The Senate Judiciary Committee heard a bill this week that has been the focus on an investigative story in the Star Tribune. When someone enrolled in an HMO plan suffers an injury or death in a health care setting, they or their family members can file a quality of care complaint that triggers an investigation into the circumstances that led to the problem. The results of those investigations are not available to those family members, leaving them without answers for their own peace of mind and not knowing whether they should pursue damages in court.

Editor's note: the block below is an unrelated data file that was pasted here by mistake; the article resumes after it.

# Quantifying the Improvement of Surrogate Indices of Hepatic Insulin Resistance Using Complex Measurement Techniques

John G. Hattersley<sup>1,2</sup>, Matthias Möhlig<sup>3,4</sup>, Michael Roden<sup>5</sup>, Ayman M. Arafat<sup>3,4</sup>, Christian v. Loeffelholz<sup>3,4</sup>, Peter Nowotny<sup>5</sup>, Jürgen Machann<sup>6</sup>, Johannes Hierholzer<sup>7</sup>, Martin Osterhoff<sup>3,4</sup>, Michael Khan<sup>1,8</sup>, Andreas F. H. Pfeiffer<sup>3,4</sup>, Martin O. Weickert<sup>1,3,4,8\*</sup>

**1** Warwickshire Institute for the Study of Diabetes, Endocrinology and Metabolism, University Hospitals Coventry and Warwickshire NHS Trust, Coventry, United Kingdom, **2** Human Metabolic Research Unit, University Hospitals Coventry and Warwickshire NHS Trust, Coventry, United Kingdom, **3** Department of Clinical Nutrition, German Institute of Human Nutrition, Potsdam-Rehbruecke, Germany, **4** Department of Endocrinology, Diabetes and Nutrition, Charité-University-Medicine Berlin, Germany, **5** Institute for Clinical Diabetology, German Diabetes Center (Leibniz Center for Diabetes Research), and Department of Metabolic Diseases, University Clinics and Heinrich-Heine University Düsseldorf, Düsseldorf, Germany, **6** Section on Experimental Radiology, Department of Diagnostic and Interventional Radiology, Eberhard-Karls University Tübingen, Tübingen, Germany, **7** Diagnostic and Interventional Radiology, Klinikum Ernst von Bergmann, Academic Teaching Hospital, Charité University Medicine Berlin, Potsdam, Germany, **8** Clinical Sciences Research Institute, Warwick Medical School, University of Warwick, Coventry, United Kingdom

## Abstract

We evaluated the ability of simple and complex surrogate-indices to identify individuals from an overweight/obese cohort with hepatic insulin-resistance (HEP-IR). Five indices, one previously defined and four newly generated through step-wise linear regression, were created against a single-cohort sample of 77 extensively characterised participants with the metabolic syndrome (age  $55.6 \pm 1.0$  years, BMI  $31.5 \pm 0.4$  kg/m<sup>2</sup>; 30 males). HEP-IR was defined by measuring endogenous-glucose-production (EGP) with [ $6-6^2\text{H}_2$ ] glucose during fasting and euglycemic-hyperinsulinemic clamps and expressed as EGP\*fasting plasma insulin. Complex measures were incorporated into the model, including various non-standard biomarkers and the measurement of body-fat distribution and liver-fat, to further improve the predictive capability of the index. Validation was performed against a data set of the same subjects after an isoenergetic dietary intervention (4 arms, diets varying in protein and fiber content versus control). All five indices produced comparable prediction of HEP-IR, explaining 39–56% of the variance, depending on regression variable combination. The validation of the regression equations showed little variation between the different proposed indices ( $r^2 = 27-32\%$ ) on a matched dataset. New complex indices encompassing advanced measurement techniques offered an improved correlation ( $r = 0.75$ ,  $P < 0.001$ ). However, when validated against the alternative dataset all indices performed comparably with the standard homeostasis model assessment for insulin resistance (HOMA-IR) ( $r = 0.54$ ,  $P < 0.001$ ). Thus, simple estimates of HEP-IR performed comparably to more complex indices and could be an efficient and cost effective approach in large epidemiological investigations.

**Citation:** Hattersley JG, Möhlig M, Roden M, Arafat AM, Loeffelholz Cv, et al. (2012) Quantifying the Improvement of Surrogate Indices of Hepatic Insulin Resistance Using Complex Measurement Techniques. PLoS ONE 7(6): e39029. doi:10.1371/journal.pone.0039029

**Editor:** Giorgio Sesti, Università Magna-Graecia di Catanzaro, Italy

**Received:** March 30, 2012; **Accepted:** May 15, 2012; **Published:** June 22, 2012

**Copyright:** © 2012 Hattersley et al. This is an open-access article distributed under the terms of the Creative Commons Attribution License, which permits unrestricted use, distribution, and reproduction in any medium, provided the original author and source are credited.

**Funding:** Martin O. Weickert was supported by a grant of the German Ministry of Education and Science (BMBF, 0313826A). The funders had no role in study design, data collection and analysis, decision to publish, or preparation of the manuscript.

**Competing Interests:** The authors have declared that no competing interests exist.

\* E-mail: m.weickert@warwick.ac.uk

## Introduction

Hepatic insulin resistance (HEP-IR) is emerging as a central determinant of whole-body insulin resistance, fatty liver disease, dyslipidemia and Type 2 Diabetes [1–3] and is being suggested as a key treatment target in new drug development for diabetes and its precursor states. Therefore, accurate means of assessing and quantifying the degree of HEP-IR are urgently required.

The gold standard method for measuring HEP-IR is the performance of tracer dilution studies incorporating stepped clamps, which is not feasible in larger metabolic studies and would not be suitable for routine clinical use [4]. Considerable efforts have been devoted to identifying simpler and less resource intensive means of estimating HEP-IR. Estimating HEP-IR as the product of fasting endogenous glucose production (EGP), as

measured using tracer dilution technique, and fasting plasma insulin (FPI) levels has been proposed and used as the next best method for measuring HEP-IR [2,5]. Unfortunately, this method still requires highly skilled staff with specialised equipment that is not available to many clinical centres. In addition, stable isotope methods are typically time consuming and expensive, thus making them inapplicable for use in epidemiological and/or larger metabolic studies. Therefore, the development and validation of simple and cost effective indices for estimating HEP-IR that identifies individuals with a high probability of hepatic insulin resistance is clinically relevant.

The bill would require HMOs to submit their results of quality of care investigations to the Department of Health where they would be redacted to remove confidential information. Supporters say they have a right to know results of investigations they request for peace of mind. Opponents say the quality of care investigation process relies on confidentiality to ensure the medical professionals reviewing the adverse outcome can remain candid and honest to continue to improve the quality of care they provide. The balance of the right to know and the need to preserve the integrity of the investigation process remains a sticking point, and the bill was laid on the table for the committee to potentially consider again later this session. (SF 1517)